3. Because it is so drastic, we should spend some time looking at how we got here in the first place -- overdevelopment, whether there is enough park land to match the current and future population of the county, failure to address this deer situation which began several years ago -- and perhaps learn from some of these lessons and adjust for the future.

4. We do not believe, as a matter of principle, that hunting should be allowed in a public suburban park. As we said earlier, this may raise the ire of those who think this stance is too bleeding heart, but we feel that the realities of a suburban community are different than those of a rural one. We are not opposed to hunting -- but we are in this particular instance.

5. We believe a detailed public survey would have been warranted -- which would have asked questions not only about the current situation, but everything surrounding it -- including whether Johnson County is overdeveloping and whether the park planning is sufficient, and even seeing how much sentiment there would be for a relocation program largely funded privately through donations.

6. We believe that a well-planned long term relocation program would have been the answer. Ideally, fundraising for this should have began several years ago (when the problem started to occur) to offset the cost, which we acknowledge is significant. However, we would have been okay with some public dollars being spent to address the critical parts of the herd now -- perhaps reducing it by 50 per square mile rather than 150 -- and then at the same time, establish a long term fundraising organization for a long-term relocation program to thin down the herd more.

7. We believe that the citizens of this county should pay more attention to the local boards who are in the pockets of developers who have no goal other than to build stuff. Building stuff is not a plan. "Lifestyle" centers do not make a community. A comprehensive plan does, something the public has signficant input in. More citizen participation in local elections and in local politics would help prevent these problems from happening.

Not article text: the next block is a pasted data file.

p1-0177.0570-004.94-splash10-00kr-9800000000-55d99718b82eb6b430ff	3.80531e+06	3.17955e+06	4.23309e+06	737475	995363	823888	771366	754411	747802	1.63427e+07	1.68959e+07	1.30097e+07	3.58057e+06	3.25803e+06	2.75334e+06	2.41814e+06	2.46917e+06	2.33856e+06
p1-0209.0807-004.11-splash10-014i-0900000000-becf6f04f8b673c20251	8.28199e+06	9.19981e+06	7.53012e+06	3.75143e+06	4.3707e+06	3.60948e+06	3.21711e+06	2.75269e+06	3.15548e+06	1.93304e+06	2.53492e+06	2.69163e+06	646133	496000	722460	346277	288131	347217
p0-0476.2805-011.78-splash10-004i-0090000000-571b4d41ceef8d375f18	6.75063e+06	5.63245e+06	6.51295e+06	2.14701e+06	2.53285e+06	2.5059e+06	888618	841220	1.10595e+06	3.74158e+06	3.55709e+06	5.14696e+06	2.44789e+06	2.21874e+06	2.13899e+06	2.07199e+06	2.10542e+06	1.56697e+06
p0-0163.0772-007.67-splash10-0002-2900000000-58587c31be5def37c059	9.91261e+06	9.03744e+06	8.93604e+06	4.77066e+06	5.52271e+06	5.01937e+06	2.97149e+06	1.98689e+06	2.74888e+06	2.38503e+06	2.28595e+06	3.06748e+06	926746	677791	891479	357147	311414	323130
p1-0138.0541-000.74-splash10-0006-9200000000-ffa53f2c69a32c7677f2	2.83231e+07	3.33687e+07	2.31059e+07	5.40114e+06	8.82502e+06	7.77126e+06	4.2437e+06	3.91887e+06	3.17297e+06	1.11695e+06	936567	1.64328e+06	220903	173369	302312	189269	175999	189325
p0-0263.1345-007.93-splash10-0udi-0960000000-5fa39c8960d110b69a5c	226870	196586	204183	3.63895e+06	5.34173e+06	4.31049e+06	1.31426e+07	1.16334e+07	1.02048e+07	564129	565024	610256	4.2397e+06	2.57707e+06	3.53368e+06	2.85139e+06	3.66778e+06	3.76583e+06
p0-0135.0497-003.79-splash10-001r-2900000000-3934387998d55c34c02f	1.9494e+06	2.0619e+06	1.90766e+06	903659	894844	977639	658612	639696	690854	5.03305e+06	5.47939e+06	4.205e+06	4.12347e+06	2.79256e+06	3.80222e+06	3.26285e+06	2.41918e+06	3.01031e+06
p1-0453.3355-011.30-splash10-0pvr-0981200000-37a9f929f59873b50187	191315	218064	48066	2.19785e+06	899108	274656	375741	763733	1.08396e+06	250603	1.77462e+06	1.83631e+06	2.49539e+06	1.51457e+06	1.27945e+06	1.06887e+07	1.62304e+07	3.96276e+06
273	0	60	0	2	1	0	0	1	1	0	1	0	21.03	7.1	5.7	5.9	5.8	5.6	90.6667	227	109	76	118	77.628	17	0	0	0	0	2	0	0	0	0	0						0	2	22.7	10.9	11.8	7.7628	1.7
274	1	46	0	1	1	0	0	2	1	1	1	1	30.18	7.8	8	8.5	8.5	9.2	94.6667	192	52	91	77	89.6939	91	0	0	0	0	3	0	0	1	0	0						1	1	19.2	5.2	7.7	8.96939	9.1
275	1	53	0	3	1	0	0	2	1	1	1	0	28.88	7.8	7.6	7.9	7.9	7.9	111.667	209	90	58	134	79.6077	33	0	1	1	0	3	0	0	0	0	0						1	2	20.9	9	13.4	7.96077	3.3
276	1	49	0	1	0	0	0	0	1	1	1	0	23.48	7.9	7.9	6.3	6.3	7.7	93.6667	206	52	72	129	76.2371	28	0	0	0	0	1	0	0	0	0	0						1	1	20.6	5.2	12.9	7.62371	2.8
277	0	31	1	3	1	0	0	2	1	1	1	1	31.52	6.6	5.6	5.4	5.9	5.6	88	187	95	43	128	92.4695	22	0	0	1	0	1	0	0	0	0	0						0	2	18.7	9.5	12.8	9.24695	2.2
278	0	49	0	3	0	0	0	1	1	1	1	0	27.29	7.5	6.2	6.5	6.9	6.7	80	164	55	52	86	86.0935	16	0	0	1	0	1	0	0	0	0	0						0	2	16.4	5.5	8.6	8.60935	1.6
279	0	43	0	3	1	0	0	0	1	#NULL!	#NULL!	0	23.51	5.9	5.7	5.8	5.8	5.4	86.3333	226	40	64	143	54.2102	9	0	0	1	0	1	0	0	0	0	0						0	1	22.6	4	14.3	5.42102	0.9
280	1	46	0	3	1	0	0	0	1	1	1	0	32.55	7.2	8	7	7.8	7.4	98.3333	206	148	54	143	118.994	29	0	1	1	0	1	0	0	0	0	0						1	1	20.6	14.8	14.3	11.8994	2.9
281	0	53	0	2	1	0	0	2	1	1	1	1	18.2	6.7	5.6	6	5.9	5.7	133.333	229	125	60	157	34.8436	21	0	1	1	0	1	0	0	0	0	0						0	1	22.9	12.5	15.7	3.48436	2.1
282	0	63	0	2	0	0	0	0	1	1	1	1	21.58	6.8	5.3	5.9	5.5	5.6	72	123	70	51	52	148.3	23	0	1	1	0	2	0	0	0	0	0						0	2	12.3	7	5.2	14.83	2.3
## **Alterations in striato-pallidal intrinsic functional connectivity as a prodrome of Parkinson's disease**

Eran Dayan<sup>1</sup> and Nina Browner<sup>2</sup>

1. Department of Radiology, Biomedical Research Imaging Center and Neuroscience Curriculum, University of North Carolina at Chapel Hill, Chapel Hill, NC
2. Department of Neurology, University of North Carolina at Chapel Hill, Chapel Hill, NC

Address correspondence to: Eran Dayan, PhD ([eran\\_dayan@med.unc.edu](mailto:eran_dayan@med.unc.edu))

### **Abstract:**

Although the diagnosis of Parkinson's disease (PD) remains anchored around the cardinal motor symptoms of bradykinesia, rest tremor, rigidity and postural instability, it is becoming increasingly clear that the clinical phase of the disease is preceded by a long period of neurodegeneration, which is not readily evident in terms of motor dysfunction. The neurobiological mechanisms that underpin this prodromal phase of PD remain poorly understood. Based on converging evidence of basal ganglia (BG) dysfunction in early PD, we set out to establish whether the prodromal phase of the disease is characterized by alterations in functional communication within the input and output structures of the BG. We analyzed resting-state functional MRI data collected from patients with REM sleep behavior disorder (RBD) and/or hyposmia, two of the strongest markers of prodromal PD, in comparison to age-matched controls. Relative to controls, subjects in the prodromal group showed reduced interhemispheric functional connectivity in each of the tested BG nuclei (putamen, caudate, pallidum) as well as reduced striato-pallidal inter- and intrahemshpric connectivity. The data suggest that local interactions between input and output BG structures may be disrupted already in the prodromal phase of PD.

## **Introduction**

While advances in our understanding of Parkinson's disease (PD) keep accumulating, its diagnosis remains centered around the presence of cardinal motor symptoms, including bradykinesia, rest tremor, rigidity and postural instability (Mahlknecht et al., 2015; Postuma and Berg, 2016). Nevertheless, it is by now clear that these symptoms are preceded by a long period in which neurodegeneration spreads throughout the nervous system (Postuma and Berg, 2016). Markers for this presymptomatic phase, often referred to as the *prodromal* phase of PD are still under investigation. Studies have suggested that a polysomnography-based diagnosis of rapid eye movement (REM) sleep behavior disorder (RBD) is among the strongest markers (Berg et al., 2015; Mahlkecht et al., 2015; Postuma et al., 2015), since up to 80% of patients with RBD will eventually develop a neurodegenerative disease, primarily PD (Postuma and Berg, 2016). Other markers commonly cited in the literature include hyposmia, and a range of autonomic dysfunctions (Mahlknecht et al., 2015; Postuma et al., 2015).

In closing, we'll say this. The authors of this blog and family have been residents of Johnson County since the 1970's, so we take great interest in this issue, even though it's not as sexy as state and national politics. During these past 30 years, we have seen this county grow from the relatively small suburb with tons of room to the massive economic and development engine that it is, increasingly swallowed up by a shopping center here, a fancy new "smart corridor" there. Make no mistake, this is not all bad -- and we are, in general, proud of the progress and growth of Johnson County.

At the same time, however, we are increasingly concerned about the lack of leadership and planning. There is something to the notion of excessive suburban sprawl, and while we are not opposed to growth, we also believe that effective, balanced planning that takes into account all factors involved in a growing suburb is warranted, rather than the build-first, deal-with-consequences-later mentality our leaders seem to be employing.

This mentality is revealing itself in very public ways - we first saw the consequences of this with the God-awful City Center planning that has resulted in Lenexa becoming the joke of the metro area with it's half built blighted bulidings and ridiculous roundabouts. Now we have this problem at Shawnee Mission Park with deer, a problem that resulted from a stunning lack of attention over the past two decades, and had resulted in a drastic action that offends many while not addressing the real problems that caused it.

Unless attitudes are adjusted and current local leaders replaced, this type of problem will be the long term reality of our county.